NEW MEXICO (KRQE) – San Juan Basic Public Health says a prairie dog in western La Plata County has tested positive for plague July 15. They say the animal tested positive for Yersinia pestis, the bacteria that causes plague.
Officials say fleas from the prairie dog colony were collected and sent to the Colorado Department of Public Health and Environment for testing. SJBPH says there has been no known human exposure to the the prairie dog, the colony or any fleas in the area.
What is plague and how is it spread?
According the CDC, plague is a disease that affects humans and other mammals and is caused by Yersinia pestis bacteria. Humans can get infected by being bitten by a rodent or flea what is carrying the disease or by direct contact with animal that is infected. SJBPH says plague is frequently detected in rock squirrels, prairie dogs, wood rats, ground squirrels, chipmunks, mice, voles and rabbits.
SJBPH tips for preventing contact with animal-borne illness:
• Reduce rodent habitat around your home, work place, and recreational areas
• Make your home and outbuildings rodent-proof.
• Wear gloves if you are handling potentially infected animals
• Use repellent if you think you could be exposed to rodent fleas during activities such as camping,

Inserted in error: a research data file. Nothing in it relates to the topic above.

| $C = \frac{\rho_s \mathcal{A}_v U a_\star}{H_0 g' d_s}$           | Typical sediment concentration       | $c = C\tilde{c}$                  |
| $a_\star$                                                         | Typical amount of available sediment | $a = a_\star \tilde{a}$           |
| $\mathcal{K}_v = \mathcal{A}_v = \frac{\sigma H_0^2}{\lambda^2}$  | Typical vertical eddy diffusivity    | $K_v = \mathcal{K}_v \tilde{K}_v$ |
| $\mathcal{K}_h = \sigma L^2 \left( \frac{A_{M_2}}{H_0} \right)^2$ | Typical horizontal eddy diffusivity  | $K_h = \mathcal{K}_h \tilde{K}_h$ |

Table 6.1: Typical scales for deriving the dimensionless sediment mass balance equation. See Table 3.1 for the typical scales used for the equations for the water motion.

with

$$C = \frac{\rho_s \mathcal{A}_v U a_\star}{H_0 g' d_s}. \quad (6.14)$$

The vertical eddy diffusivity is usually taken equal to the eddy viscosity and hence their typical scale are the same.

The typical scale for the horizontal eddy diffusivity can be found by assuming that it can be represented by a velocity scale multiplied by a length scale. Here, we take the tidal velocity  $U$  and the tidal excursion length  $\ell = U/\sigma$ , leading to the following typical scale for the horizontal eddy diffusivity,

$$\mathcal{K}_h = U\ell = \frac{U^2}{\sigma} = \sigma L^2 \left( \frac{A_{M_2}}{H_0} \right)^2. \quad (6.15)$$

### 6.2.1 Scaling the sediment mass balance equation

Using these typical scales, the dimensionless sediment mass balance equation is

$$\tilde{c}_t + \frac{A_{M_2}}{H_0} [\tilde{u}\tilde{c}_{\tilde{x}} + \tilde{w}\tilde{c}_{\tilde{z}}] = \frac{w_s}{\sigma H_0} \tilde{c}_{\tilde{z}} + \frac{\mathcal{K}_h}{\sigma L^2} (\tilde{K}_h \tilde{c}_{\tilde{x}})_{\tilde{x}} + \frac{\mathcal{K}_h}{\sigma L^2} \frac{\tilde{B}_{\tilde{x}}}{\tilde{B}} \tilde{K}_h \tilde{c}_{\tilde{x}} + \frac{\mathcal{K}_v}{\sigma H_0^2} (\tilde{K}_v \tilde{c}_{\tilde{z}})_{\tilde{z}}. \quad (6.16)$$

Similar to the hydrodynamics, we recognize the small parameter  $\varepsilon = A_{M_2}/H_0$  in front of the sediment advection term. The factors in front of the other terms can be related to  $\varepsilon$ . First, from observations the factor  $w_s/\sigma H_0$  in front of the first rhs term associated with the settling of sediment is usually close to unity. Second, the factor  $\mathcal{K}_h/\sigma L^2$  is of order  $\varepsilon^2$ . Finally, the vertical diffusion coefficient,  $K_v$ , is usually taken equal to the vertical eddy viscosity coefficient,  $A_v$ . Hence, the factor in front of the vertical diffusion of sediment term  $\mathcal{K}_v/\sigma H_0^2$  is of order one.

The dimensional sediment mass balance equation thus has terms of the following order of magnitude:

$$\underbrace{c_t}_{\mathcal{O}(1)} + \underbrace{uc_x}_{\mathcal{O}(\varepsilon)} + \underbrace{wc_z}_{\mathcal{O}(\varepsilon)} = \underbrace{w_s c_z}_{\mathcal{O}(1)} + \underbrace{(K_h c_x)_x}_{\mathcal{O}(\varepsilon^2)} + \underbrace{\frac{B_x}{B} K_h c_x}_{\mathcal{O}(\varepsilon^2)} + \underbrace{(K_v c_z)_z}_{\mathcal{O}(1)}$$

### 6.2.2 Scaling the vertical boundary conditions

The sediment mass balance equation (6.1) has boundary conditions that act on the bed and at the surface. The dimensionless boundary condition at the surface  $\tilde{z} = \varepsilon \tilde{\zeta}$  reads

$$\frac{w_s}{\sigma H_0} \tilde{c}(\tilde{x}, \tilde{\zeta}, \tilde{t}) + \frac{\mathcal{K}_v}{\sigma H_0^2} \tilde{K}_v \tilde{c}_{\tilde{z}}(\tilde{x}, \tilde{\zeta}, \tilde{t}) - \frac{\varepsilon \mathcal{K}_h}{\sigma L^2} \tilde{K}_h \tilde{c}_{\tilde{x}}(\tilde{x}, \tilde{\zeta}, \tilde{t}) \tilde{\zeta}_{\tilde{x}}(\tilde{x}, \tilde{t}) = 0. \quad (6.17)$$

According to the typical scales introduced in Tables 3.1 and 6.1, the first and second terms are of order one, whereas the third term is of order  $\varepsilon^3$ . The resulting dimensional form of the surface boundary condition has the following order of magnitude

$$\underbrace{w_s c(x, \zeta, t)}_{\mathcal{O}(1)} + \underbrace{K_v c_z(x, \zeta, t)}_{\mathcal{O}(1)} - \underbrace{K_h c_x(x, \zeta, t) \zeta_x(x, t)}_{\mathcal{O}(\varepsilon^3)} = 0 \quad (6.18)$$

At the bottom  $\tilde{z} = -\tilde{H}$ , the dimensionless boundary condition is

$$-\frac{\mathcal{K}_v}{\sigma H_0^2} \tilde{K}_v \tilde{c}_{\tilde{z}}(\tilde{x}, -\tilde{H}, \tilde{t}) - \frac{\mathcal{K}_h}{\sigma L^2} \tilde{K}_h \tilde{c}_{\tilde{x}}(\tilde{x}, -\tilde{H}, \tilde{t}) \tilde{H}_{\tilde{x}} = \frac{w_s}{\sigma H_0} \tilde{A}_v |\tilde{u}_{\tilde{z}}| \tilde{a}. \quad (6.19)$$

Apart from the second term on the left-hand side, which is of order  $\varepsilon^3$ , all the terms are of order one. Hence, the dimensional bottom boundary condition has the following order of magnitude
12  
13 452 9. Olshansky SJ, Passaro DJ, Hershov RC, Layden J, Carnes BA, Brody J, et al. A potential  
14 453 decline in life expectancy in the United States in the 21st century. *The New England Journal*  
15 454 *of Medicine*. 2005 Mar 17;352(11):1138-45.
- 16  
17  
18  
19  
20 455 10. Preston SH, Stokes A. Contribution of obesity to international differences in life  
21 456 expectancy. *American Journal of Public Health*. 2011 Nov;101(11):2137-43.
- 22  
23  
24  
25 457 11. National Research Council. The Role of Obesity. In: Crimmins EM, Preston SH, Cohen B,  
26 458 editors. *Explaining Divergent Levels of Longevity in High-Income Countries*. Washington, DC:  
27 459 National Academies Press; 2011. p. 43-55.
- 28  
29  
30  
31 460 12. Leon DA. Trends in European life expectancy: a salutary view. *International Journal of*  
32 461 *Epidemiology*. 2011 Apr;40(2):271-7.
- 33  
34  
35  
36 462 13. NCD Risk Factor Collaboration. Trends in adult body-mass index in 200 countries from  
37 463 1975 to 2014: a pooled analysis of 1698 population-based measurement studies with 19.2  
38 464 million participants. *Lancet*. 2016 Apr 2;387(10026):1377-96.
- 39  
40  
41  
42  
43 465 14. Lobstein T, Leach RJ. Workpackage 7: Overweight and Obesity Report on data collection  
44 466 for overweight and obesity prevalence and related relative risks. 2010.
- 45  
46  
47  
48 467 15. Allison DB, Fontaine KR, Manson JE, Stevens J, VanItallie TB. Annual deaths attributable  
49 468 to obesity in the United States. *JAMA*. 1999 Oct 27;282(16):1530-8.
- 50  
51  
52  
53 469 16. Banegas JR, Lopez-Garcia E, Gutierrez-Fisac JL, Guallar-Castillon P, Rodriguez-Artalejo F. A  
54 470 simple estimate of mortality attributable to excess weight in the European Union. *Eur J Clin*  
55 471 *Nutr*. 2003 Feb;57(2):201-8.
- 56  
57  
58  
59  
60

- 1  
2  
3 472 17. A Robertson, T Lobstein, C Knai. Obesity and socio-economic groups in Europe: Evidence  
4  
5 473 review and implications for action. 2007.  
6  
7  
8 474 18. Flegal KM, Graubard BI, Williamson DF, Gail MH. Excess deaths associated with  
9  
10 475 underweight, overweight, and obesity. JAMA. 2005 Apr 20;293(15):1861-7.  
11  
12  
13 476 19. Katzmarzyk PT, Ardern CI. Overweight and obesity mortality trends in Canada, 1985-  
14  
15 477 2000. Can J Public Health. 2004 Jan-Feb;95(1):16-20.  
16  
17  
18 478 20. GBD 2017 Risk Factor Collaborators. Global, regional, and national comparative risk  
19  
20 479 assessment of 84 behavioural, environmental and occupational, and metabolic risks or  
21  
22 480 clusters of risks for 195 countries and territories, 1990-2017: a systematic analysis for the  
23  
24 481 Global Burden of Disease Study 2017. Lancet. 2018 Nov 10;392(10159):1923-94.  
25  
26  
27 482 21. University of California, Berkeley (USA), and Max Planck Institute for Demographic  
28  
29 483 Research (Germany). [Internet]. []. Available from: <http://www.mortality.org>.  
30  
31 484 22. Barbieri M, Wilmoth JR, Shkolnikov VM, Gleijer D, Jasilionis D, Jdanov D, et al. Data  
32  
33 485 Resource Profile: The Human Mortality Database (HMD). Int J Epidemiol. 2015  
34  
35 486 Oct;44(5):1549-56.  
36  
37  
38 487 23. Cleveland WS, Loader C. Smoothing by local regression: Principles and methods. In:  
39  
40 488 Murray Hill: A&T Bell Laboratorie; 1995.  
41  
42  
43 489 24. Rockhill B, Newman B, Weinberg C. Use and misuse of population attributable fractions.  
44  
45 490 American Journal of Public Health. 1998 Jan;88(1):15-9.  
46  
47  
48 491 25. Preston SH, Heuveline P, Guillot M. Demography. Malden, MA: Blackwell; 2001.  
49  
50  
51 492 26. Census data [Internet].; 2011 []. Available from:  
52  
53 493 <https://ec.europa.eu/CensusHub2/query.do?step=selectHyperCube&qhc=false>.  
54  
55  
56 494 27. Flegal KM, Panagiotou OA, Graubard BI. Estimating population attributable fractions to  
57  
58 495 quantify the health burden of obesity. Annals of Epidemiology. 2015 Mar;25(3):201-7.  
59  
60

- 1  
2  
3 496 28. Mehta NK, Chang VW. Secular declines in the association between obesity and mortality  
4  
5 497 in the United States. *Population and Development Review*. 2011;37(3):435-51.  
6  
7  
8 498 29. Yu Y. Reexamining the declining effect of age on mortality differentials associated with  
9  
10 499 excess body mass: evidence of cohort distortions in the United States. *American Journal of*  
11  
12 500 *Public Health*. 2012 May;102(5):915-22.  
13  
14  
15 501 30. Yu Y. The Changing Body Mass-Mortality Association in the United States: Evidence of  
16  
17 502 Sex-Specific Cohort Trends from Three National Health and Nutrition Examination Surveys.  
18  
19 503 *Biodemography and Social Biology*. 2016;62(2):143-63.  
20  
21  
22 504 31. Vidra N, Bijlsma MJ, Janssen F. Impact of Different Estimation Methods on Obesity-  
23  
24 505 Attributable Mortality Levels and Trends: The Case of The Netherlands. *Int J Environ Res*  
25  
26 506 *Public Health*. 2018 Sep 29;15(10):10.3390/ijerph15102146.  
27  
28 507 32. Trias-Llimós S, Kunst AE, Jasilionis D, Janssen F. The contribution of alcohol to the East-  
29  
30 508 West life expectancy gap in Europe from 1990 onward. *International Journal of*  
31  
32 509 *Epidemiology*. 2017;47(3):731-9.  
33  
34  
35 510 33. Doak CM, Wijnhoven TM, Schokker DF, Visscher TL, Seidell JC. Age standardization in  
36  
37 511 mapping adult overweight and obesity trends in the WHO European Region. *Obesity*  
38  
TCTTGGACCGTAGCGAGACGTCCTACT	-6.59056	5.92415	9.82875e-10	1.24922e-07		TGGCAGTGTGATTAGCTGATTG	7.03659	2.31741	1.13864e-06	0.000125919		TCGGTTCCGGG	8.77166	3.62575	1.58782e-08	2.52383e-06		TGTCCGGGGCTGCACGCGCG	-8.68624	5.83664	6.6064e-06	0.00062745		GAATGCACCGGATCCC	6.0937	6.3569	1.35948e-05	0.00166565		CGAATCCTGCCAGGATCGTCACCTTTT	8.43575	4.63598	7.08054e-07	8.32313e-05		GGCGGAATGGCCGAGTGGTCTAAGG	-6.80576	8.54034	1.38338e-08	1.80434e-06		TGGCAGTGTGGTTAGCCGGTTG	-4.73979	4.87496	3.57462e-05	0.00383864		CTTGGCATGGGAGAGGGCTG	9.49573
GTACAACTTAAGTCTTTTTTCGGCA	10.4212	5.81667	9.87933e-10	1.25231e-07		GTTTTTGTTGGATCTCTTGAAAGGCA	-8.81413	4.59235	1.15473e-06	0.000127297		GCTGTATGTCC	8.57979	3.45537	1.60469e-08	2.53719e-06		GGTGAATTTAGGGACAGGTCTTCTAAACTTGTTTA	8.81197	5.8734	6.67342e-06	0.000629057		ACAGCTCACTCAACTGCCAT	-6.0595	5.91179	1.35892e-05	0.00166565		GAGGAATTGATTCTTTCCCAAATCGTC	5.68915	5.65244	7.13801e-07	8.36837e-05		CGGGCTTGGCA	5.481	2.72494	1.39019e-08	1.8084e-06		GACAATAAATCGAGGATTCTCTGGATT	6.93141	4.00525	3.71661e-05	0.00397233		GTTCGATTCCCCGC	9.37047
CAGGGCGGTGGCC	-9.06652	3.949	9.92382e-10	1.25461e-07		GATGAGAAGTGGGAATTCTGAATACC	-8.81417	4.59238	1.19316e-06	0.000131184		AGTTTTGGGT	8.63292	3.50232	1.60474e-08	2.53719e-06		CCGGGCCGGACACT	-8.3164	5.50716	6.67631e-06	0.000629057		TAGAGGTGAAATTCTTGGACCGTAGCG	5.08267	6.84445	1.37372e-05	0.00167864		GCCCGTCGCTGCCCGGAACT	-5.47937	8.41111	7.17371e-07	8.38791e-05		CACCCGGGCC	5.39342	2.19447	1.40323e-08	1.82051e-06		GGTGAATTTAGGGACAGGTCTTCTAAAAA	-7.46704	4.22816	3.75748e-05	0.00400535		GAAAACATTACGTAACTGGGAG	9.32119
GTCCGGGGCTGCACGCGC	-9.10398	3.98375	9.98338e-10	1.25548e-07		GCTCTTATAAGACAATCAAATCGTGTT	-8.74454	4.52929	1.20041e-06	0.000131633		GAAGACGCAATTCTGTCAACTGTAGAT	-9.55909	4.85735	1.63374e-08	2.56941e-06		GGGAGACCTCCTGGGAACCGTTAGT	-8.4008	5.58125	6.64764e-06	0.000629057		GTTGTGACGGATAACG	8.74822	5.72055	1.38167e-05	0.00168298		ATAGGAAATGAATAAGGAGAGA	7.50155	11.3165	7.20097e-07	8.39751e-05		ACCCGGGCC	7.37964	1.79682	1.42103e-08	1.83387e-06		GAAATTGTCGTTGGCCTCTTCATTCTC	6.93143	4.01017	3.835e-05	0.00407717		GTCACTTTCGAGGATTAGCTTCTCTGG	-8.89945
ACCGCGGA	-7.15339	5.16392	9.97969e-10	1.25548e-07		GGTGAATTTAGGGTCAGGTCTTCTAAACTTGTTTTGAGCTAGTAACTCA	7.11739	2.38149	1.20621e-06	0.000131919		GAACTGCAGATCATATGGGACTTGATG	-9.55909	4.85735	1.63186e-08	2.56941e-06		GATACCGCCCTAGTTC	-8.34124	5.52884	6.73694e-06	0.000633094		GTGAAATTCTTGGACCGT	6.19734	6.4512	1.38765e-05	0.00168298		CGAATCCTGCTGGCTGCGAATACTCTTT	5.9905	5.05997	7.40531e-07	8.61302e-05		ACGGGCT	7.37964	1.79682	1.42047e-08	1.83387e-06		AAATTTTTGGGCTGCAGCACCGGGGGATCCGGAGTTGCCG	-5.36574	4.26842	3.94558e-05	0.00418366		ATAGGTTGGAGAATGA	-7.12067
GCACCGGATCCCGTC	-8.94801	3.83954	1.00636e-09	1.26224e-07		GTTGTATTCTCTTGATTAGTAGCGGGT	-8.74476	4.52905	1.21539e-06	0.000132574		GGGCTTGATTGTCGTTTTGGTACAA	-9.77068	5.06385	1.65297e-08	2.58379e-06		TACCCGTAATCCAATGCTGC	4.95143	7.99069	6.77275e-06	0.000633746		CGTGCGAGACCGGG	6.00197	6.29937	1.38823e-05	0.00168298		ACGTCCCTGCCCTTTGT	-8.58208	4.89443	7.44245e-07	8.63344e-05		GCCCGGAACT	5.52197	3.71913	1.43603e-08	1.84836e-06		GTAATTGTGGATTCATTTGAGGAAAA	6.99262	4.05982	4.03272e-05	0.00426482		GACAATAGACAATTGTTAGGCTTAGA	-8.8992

hiking, or working outdoors.
• Keep fleas off of your pets
• Do not allow dogs or cats that roam free in endemic areas to sleep on your bed.
• Be sure your children are aware of these precautions and know to tell an adult if they have had
contact with a wild animal.
Plague diagnosis and treatment
According the the CDC, the most common sign of bubonic plague is the development of a swollen and painful lymph gland called a bubo. In many cases, particularly in septicemic and pneumonic plague, there are no obvious signs. Diagnosis can be made by taking samples and submitting them for testing. Plague is a serious illness, but is treatable with commonly available antibiotics. The earlier a patient seeks medical care and receives treatment the better their chances are of a full recovery.